There were still others who argued the reverse, such as Cristopher G. Memminger, the confederacy's future treasurer, who wrote that a white proletariat would represent the greatest possible threat to the planters' regime. His fears were fueled to an extent at the sufficiently rebellious urban working class, although docile relative to its Northern counterpart. Labor organizations, although few, appeared with sufficient force and regularity to cause alarm. During the 1850's, unions in Baltimore, St. Louis, and Louisville conducted strikes. Throughout the 1850's, when strikes and working-class demonstrations broke out, employers resorted to slaves. Thus, as organized Southern labor progressed, its leaders demonstrated increasing hostility to the slave regime, kindling the fears of slaveholders (Genovese 231-3).

In many industries, the problem remained unsolved. For example, instead of fueling a Southern ship-building industry, Southern timber had to be sent to Northern yards instead because labor costs were prohibitive. In the end, progress towards industrialization could not be made without endangering the existence of rural slaveholders as the upperclass (Genovese 227).

Capital Resources

Although slaves were the major capital resource, planters also made investments in a few other much less significant resources, particularly farm equipment:

"There is nothing in the progress of agriculture more encouraging than the rapid increase and extension of labor-saving machinery," reported the United States Agricultural Society in 1853. However, the South profited and contributed very little to these technological advances (Genovese 54).

The most obvious obstacle to the employment of better equipment was the slave himself. Slaves gave the equipment harsh treatment and neglect. The reality is that planters could not afford enough overseers to prevent the slaves' carelessness, and the only other option was a very small labor force, which decreases the advantages of large-scale production (Genovese 54-5).

Another reason for the South's limited profitability from technology was the low quality of the implements. Local blacksmiths made low-grade goods, and those made in the North especially for the Southern market fell below national standards. In 1857, the former editor of an agricultural journal remarked that the plows made by Southern manufactures were of poor indifferent quality, no more advanced than when James Small of Berwickshire had left the plow in 1740. On a visit to Northern factories, the editor of the Southern cabinet, J. D. Legare, noticed the materials and workmanship for those goods sent to the South did not approach standards for goods destined for Northern markets. The reason for the double standard was, of course, that planters demanded cheap goods to easily replace those mistreated by slaves (Genovese 55-6).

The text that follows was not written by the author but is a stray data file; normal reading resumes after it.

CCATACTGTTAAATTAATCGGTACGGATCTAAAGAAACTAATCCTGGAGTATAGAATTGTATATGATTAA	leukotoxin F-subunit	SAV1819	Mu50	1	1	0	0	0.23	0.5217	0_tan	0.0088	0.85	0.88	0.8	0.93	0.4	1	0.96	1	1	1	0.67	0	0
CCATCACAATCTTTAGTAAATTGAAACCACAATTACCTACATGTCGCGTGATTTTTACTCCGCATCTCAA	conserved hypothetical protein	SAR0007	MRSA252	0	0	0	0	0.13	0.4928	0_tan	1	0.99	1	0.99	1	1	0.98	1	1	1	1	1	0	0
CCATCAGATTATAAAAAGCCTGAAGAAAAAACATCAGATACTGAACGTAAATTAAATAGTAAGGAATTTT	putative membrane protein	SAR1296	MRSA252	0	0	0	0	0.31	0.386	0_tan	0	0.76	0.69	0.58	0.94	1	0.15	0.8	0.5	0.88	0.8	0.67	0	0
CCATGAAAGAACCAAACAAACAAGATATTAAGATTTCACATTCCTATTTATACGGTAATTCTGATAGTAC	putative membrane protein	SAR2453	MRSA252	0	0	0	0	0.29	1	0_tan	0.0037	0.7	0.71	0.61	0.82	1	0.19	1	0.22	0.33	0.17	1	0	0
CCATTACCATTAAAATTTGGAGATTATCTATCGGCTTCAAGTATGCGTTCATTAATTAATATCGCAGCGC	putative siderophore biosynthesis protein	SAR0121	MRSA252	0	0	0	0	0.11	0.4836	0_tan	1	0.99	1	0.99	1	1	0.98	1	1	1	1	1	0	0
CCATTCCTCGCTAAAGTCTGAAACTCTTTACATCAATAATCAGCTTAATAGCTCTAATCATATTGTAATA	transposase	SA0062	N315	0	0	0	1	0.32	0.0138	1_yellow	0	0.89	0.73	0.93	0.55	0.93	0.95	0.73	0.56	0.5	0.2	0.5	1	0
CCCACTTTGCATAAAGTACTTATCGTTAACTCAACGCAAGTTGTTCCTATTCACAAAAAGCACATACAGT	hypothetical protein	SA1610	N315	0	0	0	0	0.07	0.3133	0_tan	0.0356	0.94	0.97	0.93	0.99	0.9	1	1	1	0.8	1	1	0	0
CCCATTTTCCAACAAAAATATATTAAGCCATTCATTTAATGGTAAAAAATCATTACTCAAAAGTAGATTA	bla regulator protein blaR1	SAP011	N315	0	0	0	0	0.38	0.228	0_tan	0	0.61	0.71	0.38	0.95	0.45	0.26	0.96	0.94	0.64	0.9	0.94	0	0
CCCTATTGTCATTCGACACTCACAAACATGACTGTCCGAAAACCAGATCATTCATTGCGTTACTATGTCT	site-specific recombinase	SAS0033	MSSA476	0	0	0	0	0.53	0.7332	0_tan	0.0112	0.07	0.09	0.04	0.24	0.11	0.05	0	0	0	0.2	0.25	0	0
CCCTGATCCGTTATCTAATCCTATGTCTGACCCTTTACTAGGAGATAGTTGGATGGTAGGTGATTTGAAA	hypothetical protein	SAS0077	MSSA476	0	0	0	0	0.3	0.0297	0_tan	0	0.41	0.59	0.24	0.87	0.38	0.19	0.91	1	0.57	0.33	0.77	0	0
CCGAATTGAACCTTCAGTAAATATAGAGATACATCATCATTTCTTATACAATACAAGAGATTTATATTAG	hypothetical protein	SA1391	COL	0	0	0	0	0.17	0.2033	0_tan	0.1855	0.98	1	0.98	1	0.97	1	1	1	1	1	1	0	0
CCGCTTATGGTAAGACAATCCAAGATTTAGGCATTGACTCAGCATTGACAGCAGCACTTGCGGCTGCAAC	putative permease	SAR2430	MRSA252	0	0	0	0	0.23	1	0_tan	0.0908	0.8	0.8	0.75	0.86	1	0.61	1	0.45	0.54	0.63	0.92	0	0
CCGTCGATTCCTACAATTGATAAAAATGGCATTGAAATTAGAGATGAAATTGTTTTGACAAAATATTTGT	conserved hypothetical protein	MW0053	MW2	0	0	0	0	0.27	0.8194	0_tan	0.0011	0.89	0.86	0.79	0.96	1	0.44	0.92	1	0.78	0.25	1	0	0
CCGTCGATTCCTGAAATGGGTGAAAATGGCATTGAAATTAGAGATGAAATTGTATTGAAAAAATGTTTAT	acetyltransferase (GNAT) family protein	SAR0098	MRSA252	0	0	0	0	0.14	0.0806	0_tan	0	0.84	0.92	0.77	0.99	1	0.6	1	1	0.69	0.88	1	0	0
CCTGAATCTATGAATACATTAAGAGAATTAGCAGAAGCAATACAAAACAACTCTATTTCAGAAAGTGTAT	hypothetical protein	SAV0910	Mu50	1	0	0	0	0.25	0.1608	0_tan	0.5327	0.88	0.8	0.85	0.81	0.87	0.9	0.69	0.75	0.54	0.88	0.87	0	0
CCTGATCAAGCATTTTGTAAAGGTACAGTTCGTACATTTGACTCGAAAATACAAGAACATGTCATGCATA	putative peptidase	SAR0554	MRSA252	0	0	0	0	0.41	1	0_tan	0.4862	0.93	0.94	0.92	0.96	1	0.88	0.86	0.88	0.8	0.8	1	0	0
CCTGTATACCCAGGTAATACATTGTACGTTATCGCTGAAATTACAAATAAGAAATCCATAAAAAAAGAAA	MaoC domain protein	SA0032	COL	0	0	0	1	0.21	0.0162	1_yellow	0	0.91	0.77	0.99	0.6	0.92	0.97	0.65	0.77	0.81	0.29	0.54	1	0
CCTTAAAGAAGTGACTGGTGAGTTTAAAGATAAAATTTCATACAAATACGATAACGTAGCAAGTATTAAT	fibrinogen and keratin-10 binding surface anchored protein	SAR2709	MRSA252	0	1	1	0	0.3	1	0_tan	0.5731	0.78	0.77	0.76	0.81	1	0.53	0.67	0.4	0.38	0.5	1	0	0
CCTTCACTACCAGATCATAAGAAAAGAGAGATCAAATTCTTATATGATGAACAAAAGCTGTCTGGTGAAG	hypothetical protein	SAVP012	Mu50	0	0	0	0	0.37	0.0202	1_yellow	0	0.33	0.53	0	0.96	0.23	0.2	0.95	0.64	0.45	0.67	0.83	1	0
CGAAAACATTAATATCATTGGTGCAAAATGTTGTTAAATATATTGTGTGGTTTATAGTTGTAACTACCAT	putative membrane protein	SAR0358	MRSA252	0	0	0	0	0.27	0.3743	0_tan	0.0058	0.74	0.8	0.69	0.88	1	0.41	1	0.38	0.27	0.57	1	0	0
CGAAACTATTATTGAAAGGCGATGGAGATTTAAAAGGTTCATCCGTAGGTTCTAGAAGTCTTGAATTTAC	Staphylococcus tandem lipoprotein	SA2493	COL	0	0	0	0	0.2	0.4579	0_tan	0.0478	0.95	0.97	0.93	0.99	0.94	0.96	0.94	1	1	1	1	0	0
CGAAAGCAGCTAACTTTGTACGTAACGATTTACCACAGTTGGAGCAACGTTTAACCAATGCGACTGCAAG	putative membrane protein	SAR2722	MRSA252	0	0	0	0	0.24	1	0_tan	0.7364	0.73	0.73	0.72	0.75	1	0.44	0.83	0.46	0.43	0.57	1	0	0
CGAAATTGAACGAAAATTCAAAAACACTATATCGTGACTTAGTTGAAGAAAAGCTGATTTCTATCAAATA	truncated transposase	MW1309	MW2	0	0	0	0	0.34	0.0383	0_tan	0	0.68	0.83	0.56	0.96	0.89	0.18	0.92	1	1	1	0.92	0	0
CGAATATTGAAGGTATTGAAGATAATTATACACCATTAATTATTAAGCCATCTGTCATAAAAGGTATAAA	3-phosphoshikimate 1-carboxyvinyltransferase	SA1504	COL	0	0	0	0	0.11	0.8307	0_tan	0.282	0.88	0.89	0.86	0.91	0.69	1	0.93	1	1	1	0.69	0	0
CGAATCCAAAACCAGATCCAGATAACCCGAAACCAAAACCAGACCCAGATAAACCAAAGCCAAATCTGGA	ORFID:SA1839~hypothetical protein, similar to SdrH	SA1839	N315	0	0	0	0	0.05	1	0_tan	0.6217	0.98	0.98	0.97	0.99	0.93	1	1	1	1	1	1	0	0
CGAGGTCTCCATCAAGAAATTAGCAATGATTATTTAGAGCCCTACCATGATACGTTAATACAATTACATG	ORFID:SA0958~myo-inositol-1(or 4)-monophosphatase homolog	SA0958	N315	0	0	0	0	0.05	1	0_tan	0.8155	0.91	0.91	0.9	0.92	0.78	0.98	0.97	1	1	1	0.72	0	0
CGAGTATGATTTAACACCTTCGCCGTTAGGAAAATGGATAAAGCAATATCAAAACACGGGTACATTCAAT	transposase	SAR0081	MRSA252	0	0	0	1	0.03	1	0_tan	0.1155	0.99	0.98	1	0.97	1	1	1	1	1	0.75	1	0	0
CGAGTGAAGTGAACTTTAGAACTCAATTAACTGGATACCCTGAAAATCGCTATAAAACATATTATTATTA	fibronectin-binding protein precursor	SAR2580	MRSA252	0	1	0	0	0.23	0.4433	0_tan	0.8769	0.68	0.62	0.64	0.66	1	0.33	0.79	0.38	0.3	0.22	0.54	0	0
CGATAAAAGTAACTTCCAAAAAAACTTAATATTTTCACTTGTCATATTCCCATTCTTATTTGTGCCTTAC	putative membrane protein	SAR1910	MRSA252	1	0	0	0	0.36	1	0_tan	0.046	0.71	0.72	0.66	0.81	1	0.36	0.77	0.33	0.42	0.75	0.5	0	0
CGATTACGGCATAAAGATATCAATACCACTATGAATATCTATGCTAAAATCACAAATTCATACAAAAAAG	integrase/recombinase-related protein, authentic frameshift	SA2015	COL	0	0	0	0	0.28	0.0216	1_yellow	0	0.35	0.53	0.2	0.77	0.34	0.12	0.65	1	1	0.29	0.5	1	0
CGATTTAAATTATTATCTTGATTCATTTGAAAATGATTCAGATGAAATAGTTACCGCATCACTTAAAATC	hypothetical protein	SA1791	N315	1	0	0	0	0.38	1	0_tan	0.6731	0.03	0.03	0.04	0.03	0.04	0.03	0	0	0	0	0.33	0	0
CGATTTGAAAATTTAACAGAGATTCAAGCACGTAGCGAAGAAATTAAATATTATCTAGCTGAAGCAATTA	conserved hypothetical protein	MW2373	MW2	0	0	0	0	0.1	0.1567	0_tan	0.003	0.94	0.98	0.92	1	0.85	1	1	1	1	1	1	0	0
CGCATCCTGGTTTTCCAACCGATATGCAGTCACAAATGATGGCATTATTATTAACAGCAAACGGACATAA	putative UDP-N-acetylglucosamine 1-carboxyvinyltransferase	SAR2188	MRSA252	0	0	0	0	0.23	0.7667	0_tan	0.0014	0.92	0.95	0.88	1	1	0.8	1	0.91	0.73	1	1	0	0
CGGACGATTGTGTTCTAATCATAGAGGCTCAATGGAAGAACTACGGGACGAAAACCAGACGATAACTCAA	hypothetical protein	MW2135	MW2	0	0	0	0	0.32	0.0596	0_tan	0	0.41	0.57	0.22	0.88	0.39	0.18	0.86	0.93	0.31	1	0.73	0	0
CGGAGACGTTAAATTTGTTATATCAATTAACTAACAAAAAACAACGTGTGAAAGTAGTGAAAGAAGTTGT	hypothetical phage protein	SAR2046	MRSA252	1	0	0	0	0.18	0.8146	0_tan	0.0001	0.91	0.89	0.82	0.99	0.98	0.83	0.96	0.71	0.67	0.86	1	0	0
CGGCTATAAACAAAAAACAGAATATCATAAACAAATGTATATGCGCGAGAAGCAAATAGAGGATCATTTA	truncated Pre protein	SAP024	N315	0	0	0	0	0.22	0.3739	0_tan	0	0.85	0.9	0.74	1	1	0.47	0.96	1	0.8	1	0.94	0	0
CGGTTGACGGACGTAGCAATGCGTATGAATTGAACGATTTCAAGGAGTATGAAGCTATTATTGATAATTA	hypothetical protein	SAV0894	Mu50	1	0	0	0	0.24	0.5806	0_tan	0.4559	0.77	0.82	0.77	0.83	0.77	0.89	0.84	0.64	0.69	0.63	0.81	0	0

The farm implements included a wide variety. The most popular plow was the shovel plow, well into the 1840's, which merely stirred the surface of the soil to a depth of two to three inches. In the 1850's, this plow slowly gave way to many light mold board plows that also helped to control weeds. When cast-iron plows finally entered the South, they were rarely used because they required the services of expert blacksmiths. The cultivator, which was standard equipment in the North, was rarely used in the South because they were so light that few planters would trust them to their slaves. Modified grain grills called cotton planters, which could do the work of four men and two mules, were also rarely used. These innovations would have also increased the number of surplus slaves, and since slaveholding carried prestige and status, planters showed little interest (Genovese 57-8).


North, Douglass C. The Economic Growth of the United States. W. W. Norton &  Company, Inc. 1966. 122-134.

Genovese, Eugene. The Political Economy of Slavery. Rev. Ed. Hanover: Wesleyan University Press, 1989.



of Slaves



Cotton production
& Slave Population

Port & City
of New Orleans

Textile Mill

White South start pageWB01345_.gif (616 bytes)